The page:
• Unconditional love might seem romantic, but could it lead to harmful relationship dynamics?

  • Dr Micaela Vidal-Taylor gives her take on why conditional love may be more healthy and fulfilling

We so often hear about people loving their partners unconditionally; and we learn this is the way it should be from a very young age (take pretty much any Disney leading female character from the 90’s and before – for example Belle, who loves the Beast despite his mistreatment towards her and whose love becomes transformative for the Beast). However, we seldom hear about people loving their partners conditionally. In fact, this is even viewed as something negative. 

But before we get started, I want to make clear that I am not advocating for weaponizing conditional love and saying things like ‘I will only love you if or when…’. Instead, I am proposing a healthy, safe kind of loving: one in which we hold each other accountable, needs are met and agreements are respected.

Neither unconditional or conditional love are right or wrong, per se. Both types of love can be healthy. But unconditional love is more likely to become unhelpful as the boundary between unconditional love and allowing or facilitating abusive behaviours from our partners can become blurred. This can, in turn, translate into unsafe behaviours and toxic cycles. 

Domestic abuse is a gendered issue; the large majority of defendants in domestic abuse-related prosecution in the year ending March 2020 in England and Wales were recorded as male (92%), and the majority of victims recorded as female (77% female vs 16% male). It follows that unconditional love can be the gateway for getting to unsafe spaces for women.

Unconditional love can feel like a waterfall – vast, never-ending, inexorable and even dangerous. But it is also mesmerising, tantalising and striking. As long as things are calm, unconditional love – just as standing in from of a waterfall – can feel blissful. But what happens when there’s a sudden change in the weather and a storm muddies the waters? We feel compelled to stay. Because this is the cultural meaning of ‘unconditional love’: I will love you no matter what and my love for you will be transformative – like Belle and the Beast. 

But what if the storm threatens to pull us under the waterfall? What if we could drown for staying by the waterfall during the storm? Unconditional love can dampen our ability to recognise warning signs and make the right decisions – this dynamic often lends itself to justifying choosing the other person’s well-being over one’s own I order to preserve the relationship or to avoid stormy waters. This is when unconditional love becomes unhealthy.

This is a dynamic I often see in my private practice. How do we avoid it? Firstly, good decision making and confidently choosing ourselves – even if we truly love our partners. In my book, It’s Time To Buy Your Own Flowers, we discuss at length how women have got to this space – in which we are expected to love unconditionally, have a great career, be a perfect mother, look amazing at all times, amongst many other expectations that society sets for us. It’s about the history and sociological aspects that led to this role that we find ourselves in as women. It’s about love, relationships, power, female neuroscience – it’s about everything you need to know to make informed decisions that set you free.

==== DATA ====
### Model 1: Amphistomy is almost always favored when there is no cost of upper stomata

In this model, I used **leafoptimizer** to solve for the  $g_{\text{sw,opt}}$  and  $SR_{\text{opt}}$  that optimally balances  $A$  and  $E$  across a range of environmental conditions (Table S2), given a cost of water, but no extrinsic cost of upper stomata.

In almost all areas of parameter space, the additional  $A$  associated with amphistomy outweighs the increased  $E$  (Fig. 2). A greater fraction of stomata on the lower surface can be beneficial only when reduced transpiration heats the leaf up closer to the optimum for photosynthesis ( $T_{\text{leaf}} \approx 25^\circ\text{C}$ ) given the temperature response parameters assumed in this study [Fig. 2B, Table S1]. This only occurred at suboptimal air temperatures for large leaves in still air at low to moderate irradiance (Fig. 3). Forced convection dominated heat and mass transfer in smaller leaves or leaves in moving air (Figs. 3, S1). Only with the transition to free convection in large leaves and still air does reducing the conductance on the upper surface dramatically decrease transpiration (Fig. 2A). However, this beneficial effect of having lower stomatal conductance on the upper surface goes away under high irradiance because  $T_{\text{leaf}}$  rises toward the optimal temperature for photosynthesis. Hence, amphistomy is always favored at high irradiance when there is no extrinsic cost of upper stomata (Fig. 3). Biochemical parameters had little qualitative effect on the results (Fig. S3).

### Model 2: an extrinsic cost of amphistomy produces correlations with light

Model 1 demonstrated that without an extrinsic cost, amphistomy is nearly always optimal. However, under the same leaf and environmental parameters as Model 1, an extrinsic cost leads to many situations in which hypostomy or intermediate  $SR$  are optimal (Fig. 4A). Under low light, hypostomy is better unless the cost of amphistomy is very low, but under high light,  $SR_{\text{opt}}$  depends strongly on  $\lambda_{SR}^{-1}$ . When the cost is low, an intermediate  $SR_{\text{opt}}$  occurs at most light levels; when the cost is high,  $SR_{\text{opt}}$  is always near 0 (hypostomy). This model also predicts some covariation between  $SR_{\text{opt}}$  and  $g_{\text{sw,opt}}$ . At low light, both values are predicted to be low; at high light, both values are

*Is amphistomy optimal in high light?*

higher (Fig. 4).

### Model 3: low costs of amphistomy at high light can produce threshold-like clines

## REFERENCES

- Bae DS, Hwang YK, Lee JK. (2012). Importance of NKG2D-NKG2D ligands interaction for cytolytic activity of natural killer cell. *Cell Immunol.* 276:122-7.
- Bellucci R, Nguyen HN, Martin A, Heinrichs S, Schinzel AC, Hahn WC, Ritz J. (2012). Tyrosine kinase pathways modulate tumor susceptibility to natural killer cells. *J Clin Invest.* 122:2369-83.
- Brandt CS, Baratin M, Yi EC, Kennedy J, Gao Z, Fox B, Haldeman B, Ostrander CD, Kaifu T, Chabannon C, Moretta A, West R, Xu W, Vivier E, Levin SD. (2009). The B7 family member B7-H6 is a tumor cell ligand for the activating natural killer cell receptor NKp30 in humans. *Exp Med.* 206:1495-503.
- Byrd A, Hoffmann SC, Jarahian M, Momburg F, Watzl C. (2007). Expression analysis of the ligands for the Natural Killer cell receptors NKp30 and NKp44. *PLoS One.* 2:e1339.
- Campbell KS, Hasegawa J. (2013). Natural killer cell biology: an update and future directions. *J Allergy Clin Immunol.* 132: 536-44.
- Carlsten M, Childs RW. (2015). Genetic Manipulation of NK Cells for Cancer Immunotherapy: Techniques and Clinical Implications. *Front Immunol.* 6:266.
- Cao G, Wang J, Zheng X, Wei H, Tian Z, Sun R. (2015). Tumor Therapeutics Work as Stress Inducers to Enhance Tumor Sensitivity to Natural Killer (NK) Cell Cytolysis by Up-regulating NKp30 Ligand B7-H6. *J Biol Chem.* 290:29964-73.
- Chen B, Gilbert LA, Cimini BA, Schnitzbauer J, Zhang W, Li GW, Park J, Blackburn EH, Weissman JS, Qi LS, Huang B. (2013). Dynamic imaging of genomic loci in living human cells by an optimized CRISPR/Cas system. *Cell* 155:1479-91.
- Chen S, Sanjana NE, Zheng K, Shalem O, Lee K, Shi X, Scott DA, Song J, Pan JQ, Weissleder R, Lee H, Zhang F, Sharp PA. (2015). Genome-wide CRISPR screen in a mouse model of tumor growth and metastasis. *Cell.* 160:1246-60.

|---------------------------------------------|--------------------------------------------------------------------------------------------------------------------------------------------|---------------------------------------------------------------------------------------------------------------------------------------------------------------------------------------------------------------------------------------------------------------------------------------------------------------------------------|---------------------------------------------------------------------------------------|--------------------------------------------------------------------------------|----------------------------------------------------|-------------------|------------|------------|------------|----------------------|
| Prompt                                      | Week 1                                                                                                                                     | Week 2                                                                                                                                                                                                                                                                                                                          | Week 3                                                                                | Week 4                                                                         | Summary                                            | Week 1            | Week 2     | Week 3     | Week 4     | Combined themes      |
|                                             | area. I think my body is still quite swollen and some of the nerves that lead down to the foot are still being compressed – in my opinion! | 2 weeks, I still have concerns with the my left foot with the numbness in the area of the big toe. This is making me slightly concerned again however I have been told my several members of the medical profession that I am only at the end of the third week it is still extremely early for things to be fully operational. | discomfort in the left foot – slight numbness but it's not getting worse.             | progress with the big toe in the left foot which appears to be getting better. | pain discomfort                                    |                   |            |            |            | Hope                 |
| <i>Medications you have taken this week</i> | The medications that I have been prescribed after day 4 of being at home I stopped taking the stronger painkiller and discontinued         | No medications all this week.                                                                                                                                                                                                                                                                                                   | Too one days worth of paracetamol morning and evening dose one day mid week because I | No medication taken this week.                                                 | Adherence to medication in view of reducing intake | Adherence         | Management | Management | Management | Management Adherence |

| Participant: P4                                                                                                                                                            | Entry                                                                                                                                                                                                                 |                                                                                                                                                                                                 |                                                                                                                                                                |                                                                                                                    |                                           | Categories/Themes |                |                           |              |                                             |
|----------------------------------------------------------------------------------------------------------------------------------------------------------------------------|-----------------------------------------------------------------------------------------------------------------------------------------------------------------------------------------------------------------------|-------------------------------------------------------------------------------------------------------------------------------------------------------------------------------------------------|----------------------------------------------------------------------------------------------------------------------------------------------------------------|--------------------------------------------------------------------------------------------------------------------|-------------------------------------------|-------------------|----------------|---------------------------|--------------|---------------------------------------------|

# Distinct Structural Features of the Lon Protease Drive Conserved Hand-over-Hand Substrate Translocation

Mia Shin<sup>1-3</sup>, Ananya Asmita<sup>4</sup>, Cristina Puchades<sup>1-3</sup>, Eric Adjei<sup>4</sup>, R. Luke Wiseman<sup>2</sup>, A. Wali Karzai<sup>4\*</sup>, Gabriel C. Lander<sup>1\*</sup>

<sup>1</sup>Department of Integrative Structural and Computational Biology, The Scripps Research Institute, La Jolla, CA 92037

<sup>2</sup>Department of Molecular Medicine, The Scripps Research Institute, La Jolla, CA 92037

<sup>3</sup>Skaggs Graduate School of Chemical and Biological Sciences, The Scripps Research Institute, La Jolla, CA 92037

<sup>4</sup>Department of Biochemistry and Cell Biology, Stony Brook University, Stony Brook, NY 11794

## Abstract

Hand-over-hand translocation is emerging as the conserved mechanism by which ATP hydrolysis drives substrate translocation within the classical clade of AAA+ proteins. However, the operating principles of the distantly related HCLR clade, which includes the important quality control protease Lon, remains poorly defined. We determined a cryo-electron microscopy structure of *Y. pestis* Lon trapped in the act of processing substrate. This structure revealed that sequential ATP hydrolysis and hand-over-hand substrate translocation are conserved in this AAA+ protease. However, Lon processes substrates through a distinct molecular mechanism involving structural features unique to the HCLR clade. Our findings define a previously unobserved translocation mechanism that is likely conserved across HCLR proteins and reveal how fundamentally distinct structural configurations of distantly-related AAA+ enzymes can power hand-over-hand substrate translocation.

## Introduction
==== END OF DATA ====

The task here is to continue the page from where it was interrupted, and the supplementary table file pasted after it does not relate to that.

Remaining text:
Secondly, this is where healthy conditional love comes into play. This involves setting and respecting boundaries as these are necessary for the wellbeing of both individuals – then both partners are expected to work together to maintain them, fostering a balanced and harmonious relationship. Partners will openly discuss conditions and expectations rathe than implying them; rules are respectfully negotiated, reviewed with care and understanding and respected. In this relational interaction style, both partners will mutually agree upon standards that each person needs – both accepting and compromising without any one partner’s conditions taking primacy. Conditional love for each other should reflect reciprocity, honour and care.

Healthy conditional love can create safe relationships that allow both partners to maintain their individuality while also cherishing their interdependence. This is particularly important for women, as culturally we tend to be more vulnerable to tolerating unhealthy behaviours in the name of love. The aim is that both partners support each other in their personal undertakings, but also find strength and happiness in their togetherness. Mutual encouragement for each other’s personal growth should be at the heart of the relationship: love being conditional on the willingness to grow and evolve together, and actively providing emotional and practical support to help each other achieve their dreams.

Dr Mica Vidal-Taylor is a verified Welldoing therapist and the author of It’s Time To Buy Your Own Flowers

Further reading

Why do I catch feelings so fast?

Setting boundaries will set you free: Beating codependency

How to mend negative communication cycles in relationships

Toxic relationship warning signs to look out for

What is healthy love?


  1. Office for National Statistics (ONS). (2020A). Domestic abuse victim characteristics, England and Wales: year ending March 2020. Published online: ONS

  2. Walby, S. and Towers, J. (2018) ‘Untangling the concept of coercive control: Theorizing domestic violent crime’, Criminology & Criminal Justice, Vol 18, Issue 1, pp 7-28